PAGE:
Exodus 24; John 3; Job 42; II Corinthians 2:12

To keep me from being conceited…there was given me a thorn in my flesh. Three times I pleaded with the Lord to take it away from me. But he said to me, “My grace is sufficient for you, my power is made perfect in weakness.”     II Corinthians 2:12

Our friend Job comes to know God better and his suffering ceases as Paul picks up the theme.

My sense is that Paul is humbled if not embarrassed by this “thorn in my flesh” as he never calls it by name. I can relate.

I have a thorn in my flesh. I have no idea how it compares to Paul’s. It is my thorn and it festers , frustrates and hurts more than I care to admit. I am not moving “from victory to victory” here. There is no pride in bearing it. I am not thankful for it and my attitude stinks.  I want it gone…yesterday.

But this I know, ”My grace is sufficient for you, my power is made perfect in weakness.” This is the truth, no matter how I feel about it or myself.

Lord, I thank you for your grace and power at work in my life. I cling to it. Thank you that you forgive and redeem. You cause me to look up and enjoy your presence and forget that which has made me drag my feet. I love you and remain amazed by your grace.  Amen




Filed under 2 Corinthians, 66 Books, M'Cheyne Bible reading plan

3 responses to “Exodus 24; John 3; Job 42; II Corinthians 2:12

  1. janet wilkinson

    Suffering…going through the messgives meaning to all that we read, doesn’t it. Yet we are not free to wallow in misery; God calls us to not only bear these trials and tribulations with grace, but to continue serving and praising Him. This kind of witnessing is humbling: “Oh, by the way, I have this huge, noticeable zit on my nose, but don’t look at that while I speak.” Well, Paul wasn’t talking about something that was going to disappear in a week or two, and having a noticeable weakness while preaching God’s love and blessings despite the obvious problem can be a challange for the one speaking and the ones listening. That is why grace is so very important. Not just to excuse our blemishes, but to remind us that we are not better at witnessing or preaching or encouraging or teaching anyone the things of God because of our perfection. Rather it is our imperfections that qualify us because they negate our human efforts and baffle our limited understanding. Only then can we get out of the way of the Holy Spirit’s perfect work to open the eyes of man to the pure Gospel.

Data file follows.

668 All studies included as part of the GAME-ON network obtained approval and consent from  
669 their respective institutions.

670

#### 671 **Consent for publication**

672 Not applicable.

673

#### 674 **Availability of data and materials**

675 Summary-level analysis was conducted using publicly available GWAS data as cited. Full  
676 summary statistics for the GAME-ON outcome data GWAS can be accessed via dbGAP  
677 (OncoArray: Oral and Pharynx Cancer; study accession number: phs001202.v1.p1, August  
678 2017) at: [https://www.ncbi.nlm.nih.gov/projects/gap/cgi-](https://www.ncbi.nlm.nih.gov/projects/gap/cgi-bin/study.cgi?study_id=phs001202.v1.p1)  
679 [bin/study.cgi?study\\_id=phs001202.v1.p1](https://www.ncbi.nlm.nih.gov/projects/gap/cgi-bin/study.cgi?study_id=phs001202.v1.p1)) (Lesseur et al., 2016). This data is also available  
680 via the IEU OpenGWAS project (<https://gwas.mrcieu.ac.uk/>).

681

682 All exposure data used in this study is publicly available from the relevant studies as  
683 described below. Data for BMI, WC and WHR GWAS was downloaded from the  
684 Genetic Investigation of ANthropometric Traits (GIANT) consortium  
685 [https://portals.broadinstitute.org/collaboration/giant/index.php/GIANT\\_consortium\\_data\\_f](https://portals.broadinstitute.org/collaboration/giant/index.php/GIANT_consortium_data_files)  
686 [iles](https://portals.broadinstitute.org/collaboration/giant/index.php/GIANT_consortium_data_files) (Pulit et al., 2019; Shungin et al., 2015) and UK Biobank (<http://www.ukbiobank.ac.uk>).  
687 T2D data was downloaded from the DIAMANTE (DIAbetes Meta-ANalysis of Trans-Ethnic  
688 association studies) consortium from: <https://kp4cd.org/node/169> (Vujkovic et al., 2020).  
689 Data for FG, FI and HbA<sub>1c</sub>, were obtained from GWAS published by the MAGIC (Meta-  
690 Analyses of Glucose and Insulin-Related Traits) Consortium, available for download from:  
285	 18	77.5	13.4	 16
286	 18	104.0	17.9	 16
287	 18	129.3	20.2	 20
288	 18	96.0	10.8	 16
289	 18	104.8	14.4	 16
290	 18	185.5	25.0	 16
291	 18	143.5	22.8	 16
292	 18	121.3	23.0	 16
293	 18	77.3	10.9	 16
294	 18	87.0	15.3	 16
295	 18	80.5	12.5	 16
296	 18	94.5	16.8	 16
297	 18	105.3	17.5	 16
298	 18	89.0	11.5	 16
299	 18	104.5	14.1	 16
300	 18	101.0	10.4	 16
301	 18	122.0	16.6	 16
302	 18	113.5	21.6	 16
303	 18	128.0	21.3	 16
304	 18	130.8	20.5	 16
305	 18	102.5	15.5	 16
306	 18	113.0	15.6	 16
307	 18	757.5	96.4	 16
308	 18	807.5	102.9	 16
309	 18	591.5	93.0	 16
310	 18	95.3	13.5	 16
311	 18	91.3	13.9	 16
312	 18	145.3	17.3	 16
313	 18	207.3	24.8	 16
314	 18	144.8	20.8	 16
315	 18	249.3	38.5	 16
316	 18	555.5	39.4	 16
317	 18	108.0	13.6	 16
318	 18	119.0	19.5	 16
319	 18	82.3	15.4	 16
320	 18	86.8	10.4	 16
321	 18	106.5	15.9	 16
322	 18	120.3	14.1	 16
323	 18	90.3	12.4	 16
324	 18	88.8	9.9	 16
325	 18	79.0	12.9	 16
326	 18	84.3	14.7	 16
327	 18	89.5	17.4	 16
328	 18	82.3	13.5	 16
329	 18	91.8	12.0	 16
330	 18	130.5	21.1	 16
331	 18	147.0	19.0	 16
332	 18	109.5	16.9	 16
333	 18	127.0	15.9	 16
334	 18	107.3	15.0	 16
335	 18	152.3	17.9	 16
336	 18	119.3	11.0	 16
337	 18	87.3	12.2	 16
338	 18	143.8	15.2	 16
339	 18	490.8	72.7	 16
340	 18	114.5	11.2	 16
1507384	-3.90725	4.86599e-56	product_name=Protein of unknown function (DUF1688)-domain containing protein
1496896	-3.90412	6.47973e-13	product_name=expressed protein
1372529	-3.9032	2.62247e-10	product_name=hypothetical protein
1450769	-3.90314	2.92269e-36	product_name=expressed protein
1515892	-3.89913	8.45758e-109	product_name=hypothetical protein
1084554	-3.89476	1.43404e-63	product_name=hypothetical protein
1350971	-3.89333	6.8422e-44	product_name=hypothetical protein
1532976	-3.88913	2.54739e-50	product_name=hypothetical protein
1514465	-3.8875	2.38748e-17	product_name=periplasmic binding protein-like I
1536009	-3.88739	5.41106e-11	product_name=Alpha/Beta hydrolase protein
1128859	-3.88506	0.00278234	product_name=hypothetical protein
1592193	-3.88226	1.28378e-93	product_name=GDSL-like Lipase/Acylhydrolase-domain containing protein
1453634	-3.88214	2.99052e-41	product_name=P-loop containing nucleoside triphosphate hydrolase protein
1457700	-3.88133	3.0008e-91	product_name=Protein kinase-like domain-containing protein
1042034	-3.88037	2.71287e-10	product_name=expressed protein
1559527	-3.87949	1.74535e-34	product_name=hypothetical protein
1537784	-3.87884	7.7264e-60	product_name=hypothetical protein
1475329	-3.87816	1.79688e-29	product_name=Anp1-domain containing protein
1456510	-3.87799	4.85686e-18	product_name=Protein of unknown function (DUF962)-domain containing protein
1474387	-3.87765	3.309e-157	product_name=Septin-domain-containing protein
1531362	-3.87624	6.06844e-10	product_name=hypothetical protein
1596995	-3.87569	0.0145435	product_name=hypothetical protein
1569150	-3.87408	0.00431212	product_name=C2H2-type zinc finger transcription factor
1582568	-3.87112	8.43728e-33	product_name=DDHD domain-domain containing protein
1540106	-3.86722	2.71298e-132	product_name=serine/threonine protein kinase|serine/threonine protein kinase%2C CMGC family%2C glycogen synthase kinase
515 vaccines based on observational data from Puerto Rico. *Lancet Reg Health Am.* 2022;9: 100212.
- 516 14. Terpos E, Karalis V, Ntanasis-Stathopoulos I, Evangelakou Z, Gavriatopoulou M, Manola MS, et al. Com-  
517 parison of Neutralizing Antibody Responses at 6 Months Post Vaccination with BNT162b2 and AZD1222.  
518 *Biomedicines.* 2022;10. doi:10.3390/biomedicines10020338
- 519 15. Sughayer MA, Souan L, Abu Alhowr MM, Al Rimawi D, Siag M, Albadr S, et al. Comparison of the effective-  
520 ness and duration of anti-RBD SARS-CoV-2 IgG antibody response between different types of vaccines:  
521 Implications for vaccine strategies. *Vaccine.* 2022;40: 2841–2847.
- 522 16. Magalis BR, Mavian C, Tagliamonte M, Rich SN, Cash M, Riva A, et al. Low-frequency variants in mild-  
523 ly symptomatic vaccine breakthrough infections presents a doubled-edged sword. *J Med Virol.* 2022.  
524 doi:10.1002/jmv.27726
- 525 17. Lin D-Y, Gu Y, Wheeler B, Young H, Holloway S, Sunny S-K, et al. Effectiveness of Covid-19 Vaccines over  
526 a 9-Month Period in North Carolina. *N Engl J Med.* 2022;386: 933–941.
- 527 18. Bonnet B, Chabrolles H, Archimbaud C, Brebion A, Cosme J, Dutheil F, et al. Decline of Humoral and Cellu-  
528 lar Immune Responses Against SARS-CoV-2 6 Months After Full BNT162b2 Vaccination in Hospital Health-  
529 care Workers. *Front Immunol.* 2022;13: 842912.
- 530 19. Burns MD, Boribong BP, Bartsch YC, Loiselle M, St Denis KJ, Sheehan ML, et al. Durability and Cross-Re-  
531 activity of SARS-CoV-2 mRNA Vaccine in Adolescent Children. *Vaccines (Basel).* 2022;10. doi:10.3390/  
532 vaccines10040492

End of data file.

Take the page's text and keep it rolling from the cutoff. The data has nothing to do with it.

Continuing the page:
2. kathy (klueh)

    Thanks for your rich comments! Thank God for the mystery of his grace and power in our lives.

  3. Great thoughts here, and I also appreciate the rich feedback. I wonder if we all carry around an affliction that is noticeable to others? I sometimes suspect I do a fair job of covering it up, but I am well aware of its existence.

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